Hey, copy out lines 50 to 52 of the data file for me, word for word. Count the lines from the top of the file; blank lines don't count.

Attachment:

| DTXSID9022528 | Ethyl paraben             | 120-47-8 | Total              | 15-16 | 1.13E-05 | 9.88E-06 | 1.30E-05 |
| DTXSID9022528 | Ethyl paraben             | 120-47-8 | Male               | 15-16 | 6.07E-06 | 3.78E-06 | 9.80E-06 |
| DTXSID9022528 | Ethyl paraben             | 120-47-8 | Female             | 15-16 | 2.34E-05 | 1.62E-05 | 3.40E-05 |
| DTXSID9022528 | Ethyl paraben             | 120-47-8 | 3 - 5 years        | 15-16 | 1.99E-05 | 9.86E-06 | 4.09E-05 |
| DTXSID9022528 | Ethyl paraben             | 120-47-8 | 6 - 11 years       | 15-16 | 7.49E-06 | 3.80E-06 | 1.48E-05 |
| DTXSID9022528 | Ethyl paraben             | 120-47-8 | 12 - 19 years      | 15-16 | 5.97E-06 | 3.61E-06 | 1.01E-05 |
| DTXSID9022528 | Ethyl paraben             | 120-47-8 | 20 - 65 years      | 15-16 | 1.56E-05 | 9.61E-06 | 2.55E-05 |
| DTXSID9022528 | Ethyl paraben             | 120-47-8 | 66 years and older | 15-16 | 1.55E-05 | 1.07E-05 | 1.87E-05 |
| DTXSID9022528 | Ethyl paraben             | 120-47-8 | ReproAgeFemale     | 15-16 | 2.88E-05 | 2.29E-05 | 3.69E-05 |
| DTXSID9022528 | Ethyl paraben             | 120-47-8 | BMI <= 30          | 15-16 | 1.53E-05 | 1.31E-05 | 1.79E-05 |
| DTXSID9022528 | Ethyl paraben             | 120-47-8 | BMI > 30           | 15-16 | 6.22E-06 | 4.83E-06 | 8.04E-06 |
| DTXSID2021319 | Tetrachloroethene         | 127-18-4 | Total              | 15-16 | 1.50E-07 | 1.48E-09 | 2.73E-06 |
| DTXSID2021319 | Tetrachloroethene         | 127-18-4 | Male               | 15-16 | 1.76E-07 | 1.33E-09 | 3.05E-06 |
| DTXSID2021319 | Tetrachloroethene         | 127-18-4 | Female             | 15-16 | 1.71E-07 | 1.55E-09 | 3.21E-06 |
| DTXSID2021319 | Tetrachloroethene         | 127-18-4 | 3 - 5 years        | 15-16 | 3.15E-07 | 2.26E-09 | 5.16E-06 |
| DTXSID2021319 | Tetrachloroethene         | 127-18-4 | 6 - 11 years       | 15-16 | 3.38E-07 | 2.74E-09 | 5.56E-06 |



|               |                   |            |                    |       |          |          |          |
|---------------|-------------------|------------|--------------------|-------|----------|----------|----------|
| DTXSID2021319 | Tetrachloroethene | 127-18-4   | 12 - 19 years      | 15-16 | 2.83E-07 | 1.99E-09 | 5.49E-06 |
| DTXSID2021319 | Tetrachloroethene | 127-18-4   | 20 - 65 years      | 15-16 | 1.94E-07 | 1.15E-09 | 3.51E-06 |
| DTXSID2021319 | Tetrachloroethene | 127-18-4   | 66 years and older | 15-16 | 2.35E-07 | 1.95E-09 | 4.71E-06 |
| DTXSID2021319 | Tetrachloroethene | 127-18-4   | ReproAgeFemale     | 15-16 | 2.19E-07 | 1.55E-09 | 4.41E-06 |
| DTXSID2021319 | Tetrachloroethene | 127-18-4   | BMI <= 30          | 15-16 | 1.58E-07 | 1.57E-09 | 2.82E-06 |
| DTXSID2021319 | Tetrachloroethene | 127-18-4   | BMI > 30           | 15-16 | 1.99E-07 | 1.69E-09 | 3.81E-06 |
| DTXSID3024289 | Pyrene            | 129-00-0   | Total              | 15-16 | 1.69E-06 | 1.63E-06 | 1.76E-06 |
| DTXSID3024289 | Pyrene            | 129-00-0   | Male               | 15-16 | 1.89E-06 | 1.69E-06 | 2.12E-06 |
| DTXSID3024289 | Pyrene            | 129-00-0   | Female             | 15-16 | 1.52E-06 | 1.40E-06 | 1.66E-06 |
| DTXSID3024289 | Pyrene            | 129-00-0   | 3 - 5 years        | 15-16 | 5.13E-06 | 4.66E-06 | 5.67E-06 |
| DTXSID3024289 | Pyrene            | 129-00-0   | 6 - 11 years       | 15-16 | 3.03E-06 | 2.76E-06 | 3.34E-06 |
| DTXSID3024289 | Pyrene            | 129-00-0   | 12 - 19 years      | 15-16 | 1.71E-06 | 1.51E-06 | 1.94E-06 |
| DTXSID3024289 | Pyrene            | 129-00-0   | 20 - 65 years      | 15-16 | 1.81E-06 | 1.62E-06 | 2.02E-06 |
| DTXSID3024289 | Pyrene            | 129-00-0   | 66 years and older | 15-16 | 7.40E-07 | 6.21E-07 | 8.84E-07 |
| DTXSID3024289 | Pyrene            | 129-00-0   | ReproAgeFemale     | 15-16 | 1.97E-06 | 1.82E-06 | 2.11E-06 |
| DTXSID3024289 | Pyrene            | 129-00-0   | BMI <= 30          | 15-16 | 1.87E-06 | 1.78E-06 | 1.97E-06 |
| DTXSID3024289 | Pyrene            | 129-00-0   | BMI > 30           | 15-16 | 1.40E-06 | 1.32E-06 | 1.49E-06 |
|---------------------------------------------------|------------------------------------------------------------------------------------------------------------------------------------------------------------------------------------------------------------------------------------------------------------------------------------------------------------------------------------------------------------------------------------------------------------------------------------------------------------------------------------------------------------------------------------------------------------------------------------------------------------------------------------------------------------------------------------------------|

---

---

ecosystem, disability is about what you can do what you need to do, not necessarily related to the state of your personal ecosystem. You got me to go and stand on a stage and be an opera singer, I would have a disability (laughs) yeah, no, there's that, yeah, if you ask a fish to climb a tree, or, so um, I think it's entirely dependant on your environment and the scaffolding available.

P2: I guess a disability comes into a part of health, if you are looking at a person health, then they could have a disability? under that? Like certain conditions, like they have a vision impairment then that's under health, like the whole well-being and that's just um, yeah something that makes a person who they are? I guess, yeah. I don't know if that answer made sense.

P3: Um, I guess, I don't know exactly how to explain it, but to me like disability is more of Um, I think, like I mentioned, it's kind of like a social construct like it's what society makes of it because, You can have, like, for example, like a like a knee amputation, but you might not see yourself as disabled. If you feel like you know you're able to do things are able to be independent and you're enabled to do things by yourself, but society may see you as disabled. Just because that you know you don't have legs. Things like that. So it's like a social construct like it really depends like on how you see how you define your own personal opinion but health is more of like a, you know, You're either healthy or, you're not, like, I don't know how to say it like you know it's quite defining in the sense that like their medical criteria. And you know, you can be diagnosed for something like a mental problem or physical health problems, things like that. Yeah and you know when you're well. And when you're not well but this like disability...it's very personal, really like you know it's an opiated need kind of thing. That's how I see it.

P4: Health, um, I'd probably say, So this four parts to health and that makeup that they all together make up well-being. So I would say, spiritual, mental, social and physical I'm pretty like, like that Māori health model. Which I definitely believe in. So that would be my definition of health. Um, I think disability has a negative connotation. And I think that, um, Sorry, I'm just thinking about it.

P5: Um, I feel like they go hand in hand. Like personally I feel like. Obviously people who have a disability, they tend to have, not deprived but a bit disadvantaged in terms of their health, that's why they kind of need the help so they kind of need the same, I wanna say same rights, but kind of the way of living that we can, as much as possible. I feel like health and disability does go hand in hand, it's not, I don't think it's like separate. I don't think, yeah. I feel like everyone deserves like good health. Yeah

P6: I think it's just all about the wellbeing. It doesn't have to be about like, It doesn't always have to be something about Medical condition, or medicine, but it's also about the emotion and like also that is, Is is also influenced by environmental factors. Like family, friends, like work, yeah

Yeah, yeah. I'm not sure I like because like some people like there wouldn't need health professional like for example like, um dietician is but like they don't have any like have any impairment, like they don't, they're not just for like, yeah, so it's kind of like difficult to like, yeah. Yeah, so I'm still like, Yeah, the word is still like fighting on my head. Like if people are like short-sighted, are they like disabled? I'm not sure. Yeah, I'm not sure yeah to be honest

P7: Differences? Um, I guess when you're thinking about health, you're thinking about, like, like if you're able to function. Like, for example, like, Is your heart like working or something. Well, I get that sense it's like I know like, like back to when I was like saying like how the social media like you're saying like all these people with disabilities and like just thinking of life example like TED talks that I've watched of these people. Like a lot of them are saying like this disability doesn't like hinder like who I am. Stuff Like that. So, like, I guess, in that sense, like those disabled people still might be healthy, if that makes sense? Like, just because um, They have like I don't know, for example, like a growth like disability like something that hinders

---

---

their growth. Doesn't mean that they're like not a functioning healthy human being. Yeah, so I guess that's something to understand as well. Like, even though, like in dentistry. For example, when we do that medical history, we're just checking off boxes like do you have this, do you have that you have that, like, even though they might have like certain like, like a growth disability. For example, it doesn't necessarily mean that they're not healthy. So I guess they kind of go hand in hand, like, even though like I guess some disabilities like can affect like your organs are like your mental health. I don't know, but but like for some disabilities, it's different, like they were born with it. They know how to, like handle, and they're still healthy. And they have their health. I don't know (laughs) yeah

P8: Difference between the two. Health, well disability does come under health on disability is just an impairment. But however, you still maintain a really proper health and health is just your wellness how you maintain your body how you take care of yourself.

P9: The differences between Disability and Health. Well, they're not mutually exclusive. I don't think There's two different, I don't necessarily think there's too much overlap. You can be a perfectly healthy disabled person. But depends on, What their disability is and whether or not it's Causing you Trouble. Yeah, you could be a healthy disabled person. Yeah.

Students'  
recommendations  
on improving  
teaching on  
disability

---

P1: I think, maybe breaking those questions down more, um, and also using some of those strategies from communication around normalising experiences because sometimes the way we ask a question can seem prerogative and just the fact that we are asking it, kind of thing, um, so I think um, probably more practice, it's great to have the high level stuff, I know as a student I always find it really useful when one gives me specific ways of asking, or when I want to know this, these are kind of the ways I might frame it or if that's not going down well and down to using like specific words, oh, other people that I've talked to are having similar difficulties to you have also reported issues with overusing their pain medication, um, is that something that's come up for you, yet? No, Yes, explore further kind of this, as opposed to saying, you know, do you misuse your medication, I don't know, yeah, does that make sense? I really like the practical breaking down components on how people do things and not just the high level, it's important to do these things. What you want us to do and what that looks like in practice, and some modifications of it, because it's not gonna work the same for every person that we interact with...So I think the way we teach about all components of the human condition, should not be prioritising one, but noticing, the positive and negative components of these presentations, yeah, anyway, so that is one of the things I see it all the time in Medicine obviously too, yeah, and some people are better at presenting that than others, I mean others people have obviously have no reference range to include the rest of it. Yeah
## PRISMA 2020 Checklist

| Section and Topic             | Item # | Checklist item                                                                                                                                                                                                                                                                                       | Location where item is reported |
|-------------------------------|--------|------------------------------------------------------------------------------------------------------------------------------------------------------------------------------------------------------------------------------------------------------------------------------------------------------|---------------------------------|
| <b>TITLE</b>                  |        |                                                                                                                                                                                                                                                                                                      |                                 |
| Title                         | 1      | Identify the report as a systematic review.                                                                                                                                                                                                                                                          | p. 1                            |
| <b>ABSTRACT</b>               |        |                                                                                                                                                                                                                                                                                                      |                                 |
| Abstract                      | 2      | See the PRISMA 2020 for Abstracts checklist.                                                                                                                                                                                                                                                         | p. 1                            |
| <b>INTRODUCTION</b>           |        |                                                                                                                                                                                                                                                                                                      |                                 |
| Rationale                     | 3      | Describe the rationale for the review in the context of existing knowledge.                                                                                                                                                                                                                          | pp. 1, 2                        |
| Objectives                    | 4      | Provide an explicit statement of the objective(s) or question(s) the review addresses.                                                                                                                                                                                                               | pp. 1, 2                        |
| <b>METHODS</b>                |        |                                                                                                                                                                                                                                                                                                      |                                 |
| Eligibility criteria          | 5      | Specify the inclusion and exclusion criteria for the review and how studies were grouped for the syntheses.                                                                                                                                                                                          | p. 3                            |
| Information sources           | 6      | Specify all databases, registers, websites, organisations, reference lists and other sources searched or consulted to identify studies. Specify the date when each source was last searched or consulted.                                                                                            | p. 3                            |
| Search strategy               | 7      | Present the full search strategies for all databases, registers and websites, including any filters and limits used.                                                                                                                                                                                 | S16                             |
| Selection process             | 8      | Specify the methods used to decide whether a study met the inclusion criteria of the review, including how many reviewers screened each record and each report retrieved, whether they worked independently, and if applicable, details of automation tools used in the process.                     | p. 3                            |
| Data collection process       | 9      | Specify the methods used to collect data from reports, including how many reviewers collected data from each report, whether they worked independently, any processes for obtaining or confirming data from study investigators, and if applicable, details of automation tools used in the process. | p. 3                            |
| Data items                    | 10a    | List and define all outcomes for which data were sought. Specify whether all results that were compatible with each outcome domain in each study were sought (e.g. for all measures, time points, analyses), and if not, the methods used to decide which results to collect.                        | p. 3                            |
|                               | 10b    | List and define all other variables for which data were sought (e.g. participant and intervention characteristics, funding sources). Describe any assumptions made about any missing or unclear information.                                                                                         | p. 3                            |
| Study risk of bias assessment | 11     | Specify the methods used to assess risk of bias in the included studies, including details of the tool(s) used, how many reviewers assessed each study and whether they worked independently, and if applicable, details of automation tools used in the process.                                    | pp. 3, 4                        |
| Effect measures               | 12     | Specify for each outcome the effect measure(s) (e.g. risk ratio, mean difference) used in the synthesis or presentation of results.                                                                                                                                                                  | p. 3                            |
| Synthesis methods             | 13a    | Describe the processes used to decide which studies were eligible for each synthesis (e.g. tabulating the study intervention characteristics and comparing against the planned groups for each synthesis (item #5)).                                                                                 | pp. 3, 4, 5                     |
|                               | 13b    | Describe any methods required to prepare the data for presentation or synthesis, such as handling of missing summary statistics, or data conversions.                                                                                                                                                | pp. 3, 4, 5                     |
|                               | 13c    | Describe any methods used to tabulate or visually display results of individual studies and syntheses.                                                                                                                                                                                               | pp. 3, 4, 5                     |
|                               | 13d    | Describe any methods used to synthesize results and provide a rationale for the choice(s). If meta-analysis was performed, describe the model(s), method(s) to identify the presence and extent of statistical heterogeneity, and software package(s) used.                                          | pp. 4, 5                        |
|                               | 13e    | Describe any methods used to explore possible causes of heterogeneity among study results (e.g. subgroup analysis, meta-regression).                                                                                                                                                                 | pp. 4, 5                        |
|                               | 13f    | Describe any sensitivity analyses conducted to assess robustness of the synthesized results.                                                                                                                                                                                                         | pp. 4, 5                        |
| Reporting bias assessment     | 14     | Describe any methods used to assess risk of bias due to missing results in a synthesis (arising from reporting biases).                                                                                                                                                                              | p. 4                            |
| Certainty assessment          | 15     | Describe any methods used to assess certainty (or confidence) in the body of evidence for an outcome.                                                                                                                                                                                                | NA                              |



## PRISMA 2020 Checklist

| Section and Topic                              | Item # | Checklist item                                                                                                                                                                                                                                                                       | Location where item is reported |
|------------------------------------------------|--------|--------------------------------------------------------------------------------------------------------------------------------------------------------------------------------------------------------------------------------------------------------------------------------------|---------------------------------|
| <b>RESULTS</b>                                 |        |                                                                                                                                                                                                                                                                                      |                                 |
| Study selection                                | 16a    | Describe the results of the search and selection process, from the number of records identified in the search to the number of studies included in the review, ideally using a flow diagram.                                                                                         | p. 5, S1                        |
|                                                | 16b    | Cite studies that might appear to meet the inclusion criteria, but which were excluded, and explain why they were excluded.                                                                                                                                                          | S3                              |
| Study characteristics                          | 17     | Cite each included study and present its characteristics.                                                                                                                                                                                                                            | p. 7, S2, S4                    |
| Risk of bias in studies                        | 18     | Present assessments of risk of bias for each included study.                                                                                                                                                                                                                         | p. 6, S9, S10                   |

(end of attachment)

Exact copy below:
P8: Difference between the two. Health, well disability does come under health on disability is just an impairment. But however, you still maintain a really proper health and health is just your wellness how you maintain your body how you take care of yourself.

P9: The differences between Disability and Health. Well, they're not mutually exclusive. I don't think There's two different, I don't necessarily think there's too much overlap. You can be a perfectly healthy disabled person. But depends on, What their disability is and whether or not it's Causing you Trouble. Yeah, you could be a healthy disabled person. Yeah.

Students'  